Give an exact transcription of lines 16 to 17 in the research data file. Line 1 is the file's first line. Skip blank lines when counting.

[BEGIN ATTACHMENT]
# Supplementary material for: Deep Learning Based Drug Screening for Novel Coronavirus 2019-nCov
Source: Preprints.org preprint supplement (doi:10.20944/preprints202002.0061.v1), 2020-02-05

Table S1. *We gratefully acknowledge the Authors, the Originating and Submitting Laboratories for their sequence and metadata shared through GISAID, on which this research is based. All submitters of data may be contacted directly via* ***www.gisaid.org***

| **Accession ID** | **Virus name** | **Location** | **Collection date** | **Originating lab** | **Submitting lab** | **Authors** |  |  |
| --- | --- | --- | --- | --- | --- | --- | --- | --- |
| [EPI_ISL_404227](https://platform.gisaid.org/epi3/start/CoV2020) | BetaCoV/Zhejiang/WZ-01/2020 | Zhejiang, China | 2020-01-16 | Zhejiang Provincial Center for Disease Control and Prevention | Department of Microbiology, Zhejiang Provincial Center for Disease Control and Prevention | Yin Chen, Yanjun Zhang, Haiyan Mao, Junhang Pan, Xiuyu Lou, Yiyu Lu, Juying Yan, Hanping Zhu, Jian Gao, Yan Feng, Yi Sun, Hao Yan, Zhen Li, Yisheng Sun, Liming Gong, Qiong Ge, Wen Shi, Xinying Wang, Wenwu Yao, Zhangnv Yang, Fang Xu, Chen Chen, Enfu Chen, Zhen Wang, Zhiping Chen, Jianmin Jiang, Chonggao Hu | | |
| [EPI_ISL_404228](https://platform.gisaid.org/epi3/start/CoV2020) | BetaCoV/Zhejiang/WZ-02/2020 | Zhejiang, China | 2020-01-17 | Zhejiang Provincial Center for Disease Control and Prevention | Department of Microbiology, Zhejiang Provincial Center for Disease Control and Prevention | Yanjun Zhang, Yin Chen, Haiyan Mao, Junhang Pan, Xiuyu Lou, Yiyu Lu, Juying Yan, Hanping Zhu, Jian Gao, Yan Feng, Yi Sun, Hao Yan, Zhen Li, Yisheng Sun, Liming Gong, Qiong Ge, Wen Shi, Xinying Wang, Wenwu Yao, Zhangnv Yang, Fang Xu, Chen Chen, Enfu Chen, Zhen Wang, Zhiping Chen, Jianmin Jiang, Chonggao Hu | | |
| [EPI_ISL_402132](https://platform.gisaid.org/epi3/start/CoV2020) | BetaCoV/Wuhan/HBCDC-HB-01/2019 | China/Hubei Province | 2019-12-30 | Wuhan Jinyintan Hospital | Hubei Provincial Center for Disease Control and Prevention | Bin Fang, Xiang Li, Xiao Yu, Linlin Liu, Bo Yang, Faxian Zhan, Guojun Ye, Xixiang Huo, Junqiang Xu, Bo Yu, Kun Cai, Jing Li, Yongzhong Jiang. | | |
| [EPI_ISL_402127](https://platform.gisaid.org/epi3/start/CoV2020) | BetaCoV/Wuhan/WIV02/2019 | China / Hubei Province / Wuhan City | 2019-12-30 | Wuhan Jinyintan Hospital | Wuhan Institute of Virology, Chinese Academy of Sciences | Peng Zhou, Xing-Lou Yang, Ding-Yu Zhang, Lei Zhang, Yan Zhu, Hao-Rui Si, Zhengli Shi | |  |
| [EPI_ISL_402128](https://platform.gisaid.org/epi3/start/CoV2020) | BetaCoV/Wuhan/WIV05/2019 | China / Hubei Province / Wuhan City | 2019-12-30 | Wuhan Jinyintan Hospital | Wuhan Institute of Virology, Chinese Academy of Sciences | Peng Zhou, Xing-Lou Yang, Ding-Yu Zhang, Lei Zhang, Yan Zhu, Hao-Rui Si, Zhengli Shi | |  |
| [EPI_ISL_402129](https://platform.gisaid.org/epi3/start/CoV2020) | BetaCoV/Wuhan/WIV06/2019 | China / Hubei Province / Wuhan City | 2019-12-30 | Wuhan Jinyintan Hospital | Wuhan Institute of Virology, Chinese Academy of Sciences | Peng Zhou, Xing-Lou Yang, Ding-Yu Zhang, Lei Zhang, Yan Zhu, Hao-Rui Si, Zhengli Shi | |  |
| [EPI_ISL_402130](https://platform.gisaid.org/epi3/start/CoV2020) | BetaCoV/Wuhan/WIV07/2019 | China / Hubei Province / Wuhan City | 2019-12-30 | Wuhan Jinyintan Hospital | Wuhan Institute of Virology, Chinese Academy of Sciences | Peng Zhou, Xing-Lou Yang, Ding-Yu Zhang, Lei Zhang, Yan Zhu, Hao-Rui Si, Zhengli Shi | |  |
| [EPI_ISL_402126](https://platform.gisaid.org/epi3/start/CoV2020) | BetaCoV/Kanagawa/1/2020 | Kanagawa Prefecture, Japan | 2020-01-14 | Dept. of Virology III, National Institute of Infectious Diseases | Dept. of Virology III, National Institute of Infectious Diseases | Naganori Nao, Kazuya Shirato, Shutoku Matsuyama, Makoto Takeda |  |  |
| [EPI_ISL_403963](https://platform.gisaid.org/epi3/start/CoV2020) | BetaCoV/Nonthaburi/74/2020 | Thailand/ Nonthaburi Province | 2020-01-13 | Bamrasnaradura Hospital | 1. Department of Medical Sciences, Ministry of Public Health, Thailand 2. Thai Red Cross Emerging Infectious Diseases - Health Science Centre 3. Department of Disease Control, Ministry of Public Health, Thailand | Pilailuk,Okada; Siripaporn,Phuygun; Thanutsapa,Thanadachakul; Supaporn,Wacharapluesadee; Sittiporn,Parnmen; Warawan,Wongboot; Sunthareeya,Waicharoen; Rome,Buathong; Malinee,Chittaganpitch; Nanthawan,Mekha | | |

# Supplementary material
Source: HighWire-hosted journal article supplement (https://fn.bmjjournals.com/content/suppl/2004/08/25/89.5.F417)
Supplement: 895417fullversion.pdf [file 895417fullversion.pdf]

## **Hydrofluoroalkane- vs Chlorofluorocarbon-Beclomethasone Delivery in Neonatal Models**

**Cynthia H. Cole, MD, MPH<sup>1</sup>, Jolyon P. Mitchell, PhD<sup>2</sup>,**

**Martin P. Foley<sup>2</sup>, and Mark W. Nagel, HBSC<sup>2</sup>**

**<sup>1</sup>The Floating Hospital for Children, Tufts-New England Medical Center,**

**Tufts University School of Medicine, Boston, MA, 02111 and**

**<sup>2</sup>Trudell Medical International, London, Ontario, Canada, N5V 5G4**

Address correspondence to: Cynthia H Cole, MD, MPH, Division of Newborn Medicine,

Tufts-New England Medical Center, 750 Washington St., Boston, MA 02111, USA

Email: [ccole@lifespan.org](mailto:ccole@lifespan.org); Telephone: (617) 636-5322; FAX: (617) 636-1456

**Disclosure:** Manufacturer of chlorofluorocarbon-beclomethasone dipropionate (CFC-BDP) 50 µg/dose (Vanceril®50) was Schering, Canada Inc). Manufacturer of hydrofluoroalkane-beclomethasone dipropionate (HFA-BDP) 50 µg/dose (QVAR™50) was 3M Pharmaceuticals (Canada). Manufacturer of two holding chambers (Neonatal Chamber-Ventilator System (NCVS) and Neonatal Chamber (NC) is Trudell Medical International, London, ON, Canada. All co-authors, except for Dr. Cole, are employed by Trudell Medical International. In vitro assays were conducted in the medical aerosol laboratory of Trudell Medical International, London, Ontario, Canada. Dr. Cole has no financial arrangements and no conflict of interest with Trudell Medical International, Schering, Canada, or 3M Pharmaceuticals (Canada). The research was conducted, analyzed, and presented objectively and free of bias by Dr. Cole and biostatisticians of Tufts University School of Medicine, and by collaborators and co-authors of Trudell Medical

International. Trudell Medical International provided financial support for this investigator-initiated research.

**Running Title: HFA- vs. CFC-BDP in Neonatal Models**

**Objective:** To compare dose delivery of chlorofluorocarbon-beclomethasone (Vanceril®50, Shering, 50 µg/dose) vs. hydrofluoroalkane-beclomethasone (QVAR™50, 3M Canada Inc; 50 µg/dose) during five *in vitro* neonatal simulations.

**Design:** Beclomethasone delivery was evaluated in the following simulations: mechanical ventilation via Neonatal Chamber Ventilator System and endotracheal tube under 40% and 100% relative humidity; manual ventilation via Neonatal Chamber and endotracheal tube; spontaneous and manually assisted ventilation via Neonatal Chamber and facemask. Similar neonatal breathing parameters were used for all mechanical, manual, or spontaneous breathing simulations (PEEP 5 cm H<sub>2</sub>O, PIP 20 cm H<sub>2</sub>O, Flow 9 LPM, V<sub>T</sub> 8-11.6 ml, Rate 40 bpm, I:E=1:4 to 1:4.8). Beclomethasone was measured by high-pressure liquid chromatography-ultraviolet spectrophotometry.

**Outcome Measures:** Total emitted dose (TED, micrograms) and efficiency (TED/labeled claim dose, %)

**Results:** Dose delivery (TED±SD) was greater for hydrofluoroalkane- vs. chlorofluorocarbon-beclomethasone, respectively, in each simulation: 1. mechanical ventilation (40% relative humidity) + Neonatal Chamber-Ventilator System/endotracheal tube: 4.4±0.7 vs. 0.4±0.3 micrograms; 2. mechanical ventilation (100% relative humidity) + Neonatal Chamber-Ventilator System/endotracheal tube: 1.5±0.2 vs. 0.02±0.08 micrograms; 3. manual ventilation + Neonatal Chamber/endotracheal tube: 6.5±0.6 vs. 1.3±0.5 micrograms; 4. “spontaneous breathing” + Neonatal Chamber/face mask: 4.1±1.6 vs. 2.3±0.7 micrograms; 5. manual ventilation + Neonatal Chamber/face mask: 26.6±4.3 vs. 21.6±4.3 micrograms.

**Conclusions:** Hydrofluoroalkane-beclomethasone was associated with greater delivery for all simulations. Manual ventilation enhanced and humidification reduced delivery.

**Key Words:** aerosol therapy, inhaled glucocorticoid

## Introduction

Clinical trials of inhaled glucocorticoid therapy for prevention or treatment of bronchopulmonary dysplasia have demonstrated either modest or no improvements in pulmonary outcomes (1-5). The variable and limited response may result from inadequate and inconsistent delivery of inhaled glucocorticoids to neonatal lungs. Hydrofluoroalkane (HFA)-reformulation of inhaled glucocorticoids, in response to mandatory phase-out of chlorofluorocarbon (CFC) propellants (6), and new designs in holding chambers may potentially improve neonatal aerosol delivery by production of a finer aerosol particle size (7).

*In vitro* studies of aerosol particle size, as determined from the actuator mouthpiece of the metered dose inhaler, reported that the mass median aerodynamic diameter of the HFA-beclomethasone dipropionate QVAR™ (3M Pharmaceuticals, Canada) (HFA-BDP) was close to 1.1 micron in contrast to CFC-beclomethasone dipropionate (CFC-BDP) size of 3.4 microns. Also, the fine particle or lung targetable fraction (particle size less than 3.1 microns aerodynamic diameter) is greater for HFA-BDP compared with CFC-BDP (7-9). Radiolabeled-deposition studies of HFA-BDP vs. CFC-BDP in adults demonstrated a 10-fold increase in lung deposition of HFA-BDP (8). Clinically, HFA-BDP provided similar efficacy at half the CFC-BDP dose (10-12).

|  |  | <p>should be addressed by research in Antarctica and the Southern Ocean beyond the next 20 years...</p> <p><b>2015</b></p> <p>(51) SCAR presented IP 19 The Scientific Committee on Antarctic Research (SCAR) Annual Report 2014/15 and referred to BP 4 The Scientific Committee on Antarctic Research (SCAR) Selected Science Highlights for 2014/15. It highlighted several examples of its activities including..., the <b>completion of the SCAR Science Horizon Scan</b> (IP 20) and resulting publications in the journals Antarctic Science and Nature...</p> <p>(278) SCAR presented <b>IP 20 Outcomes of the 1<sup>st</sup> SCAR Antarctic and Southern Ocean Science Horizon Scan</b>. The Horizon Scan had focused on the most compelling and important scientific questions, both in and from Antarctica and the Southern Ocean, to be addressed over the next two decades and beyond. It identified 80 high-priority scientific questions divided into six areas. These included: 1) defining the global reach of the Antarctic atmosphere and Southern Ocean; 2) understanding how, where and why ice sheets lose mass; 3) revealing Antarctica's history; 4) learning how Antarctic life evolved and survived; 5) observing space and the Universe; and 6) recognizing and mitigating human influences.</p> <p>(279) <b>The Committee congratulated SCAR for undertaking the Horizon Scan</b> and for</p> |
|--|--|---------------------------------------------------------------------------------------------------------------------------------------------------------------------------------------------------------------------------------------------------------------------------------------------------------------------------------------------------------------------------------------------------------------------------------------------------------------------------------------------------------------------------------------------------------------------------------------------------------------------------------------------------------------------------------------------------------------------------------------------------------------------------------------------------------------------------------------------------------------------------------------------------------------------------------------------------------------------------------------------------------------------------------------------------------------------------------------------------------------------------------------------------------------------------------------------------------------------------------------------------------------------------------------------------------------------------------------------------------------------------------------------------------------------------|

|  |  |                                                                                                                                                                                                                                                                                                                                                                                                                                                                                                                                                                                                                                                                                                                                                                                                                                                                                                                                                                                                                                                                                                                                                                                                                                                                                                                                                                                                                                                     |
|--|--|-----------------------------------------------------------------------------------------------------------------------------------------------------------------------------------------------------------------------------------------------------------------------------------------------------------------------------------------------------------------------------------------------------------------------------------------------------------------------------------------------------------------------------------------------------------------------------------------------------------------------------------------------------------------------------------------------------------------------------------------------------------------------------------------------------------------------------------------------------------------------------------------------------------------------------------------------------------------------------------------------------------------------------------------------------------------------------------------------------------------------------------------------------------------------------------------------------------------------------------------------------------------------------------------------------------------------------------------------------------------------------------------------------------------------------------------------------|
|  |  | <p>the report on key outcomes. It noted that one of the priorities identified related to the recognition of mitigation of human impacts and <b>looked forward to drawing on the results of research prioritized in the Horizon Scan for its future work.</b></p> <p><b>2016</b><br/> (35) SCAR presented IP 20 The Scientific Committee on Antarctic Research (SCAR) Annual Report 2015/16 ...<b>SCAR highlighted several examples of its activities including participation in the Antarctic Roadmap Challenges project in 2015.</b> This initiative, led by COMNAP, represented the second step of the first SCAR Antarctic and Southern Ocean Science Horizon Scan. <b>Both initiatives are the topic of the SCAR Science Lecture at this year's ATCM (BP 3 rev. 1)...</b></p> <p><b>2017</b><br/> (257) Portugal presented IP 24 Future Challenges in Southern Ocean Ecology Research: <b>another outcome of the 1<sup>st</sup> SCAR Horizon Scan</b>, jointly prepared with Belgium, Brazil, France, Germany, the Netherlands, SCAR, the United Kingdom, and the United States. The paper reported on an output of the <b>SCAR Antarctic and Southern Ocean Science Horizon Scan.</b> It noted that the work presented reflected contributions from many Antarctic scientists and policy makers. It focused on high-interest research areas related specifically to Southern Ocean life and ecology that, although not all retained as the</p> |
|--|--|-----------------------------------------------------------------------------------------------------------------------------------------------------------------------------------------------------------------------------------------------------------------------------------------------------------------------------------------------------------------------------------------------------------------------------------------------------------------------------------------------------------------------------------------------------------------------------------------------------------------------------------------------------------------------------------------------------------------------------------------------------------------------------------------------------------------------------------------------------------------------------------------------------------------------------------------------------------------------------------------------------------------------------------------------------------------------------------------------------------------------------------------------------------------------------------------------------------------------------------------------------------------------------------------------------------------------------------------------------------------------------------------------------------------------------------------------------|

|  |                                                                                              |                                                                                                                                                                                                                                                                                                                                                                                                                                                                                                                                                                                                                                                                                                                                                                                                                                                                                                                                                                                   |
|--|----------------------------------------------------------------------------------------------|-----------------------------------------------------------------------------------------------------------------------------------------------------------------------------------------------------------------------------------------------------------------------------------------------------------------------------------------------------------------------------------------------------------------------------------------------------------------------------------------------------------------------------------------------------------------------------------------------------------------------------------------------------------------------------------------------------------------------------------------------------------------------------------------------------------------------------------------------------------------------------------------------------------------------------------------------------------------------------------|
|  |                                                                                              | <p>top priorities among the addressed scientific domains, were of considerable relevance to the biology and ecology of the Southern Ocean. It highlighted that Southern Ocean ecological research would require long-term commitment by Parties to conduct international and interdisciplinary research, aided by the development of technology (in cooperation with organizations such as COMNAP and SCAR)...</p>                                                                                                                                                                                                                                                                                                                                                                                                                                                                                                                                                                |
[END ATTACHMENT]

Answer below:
Source: HighWire-hosted journal article supplement (https://fn.bmjjournals.com/content/suppl/2004/08/25/89.5.F417)
Supplement: 895417fullversion.pdf [file 895417fullversion.pdf]